5. First gay-themed movie I ever watched was "Beautiful Thing." I highly recommend it! There's some very strong language, and sometimes the actors are hard to understand because of heavy British accents, but it's a wonderful movie.

  6. Congratulations on getting this list together. You said earlier that it was going to be a challenge.

    Would you say this list represents an integrated, unfiltered aspect of yourself? Was it easier to put together than you thought it would be? Is it a different list than you would have put together a few months ago? Could you tell your family members that these are your favorites? How about your work colleagues? Your fellow ward members? How would their opinion of you change if they knew that these were your favorites? (I'm excluding the gay-themed ones right now.)

    When I look at this list (and just the list, putting out of my head everthing else I know about you and your situation), I might imagine that the creator of the list is a middle-aged man who is idealistic and emotional, even sentimental. He is more family oriented than romantic (that is, being part of a family is more important than being half of a couple). I'd guess that creator of the list is someone who values excitement. I would read a bit of repression between the lines as well as a feeling of isolation and a desire for more love and acceptance from others. It's a very wholesome list.

    [I'm not talking about you, just what I think that list might mean taken on its own, with no other clues. My "cold reading" could be way off.]

    The internal Netflix recommendation engine in my head would say that the person who made this list would also like: Mr. Holland's Opus, To Sir With Love, A River Runs Through It, Stand by Me, The Blind Side, Good Will Hunting and A Room with a View.

    I hope my comment doesn't make you self-conscious. I offer it in a spirt of fun and friendship.

    Big hugs.

  7. MoHo Hawaii! This is ALL about being self-conscious! :) Thanks SO much for your comments. Are you, like, a professional therapist? Because I think your comments are pretty spot-on.

    I'd like to go through your questions because they are all *great* questions that should be answered.

    I do think this represents an integrated pictue of myself. It was challenging to put together, but therapeutic and revelatory, on several levels. For example, I realized the gap that I describe in an earlier comment, and I confirmed the difference in interests between my wife and me.

    As to sharing this list with others and whether their opinion of me might change, I wouldn't have any problem in sharing it (except, as you point out, the gay-themed ones). I don't *think* their opinion of me would change, but most people in my circle (even my immediately family to some degree) don't really know anything about me.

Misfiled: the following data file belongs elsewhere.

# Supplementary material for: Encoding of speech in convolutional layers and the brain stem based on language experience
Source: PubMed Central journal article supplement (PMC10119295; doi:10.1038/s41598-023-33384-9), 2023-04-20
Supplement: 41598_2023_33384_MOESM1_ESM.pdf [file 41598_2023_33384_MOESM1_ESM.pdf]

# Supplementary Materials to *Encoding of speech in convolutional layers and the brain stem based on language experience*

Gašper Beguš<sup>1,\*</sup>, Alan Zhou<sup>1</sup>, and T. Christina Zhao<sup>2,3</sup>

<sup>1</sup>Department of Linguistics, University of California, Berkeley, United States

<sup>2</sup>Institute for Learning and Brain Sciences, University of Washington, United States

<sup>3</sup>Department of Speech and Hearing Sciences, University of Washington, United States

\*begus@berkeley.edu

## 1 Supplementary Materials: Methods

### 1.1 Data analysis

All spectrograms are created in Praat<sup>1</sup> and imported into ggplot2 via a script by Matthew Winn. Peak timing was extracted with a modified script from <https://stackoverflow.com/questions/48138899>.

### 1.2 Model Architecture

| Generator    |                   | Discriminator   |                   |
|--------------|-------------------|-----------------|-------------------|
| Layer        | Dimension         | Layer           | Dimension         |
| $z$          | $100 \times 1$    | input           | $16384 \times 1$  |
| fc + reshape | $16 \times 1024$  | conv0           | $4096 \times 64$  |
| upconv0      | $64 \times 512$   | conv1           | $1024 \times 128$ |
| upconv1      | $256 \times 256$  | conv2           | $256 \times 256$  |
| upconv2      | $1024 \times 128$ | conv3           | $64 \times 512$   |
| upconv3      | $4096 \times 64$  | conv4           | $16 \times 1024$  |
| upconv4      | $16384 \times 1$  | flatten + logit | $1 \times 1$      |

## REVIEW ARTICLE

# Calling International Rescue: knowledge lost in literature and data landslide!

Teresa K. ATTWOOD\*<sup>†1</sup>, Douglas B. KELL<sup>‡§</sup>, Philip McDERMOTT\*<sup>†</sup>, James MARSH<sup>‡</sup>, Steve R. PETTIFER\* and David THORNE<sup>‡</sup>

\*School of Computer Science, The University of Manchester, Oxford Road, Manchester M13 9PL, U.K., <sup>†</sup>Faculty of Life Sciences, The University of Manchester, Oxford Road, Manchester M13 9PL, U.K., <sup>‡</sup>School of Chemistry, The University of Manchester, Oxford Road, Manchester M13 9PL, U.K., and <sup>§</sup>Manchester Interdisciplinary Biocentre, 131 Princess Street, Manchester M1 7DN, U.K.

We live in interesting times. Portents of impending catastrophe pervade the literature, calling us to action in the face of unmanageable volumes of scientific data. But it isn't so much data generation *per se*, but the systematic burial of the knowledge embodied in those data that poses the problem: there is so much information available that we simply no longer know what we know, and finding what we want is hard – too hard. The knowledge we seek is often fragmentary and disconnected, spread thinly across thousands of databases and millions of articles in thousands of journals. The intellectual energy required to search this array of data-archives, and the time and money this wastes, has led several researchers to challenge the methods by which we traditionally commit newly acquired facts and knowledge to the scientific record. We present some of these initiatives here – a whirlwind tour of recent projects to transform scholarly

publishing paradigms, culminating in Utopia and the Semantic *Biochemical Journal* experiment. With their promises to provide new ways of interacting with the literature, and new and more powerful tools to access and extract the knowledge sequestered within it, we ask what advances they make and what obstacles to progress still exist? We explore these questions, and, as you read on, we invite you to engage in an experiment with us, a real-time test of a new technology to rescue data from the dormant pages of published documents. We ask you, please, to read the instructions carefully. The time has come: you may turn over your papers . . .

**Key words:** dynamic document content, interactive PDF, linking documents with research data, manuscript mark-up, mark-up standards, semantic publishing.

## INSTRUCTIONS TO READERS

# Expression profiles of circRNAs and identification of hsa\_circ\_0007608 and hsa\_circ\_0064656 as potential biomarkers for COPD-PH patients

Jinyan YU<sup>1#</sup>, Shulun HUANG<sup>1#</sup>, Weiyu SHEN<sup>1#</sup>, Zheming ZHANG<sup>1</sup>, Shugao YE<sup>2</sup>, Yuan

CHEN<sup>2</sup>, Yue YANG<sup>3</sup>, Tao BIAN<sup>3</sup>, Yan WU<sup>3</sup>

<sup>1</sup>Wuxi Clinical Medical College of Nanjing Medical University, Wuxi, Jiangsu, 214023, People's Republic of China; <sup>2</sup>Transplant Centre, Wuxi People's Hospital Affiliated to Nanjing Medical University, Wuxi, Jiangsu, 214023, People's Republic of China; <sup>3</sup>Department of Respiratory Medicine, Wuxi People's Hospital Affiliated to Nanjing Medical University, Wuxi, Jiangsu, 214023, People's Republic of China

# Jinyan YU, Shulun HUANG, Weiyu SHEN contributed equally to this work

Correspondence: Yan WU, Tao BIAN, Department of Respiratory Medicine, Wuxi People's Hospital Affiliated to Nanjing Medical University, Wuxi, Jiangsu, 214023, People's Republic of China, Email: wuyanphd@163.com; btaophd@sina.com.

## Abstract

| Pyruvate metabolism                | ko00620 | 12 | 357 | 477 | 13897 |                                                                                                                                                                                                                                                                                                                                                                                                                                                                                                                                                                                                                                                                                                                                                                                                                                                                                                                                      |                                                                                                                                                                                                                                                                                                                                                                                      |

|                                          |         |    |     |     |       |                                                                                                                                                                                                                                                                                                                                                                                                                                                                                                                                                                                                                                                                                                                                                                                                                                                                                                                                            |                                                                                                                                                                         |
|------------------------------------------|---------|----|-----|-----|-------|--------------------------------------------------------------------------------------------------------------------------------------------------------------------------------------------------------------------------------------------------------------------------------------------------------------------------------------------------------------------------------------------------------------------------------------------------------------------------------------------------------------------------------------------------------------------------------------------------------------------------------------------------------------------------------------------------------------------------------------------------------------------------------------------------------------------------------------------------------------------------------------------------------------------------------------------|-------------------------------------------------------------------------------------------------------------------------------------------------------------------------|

Regarding your third paragraph, I feel like I've just been read with x-ray vision. :) I can't tell you how good it makes me feel to read what you've written, because that is pretty much how I('d like to) see myself, except that you've helped me see myself even more clearly. As to your second-to-last sentence in that paragraph, once again, you are spot on.

    Your "cold reading" is very warm. :)

    As to your list of recommendations(thank you!), I'm not sure I've seen Mr. Holland's Opus, though I recall it stars Richard Dreyfuss. I saw To Sir With Love many, many moons ago but haven't watched it recently. Never seen A River Runs Through It or Stand By Me or Good Will Hunting. I'll add those to my video store list. I liked The Blind Side, and I did like A Room With a View, though it's been a long time since I've seen it. Another to add to the list.

    Thanks for the hugs. ALWAYS appreciated!

  8. Are you, like, a professional therapist?

    No, but I compulsively give advice. Isn't that the same thing? :- )

  9. Your advice, compulsive or otherwise, is always welcome. :)

  10. I like your taste in movies, Invictus.

  11. Thanks, Gay LDS Actor; given your profession, I particularly appreciate the compliment:). And thanks for stopping by. I'm looking forward to reading through your blog.

  12. I just watched Defiance last night! On Netflix, I just watched the beginnings of a few movies until one stuck, and that was it. I liked it a lot.

  13. That's one of the few R-rated movies I watched before I decided I was big enough to decide which movies to watch. :) I really liked it, too.

  14. Latter days was a terrible movie. You should still probably see it, just to understand the perspective it has, and the many ways in which it falls short. Just don't have high hopes.

  15. Fantastic list that makes sense being a part of your sub-generation.

    @mohohawaii: your gift to interpret (and to make additional movie recommendations!) is truly extraordinary considering you only have text in front of you (rather than additional inputs when one meets someone live). Please share this obvious gift you have along the way!

  16. Wow, what a great collection! I put one that I hadn't viewed on my "to see" list. I think we have some similar tastes!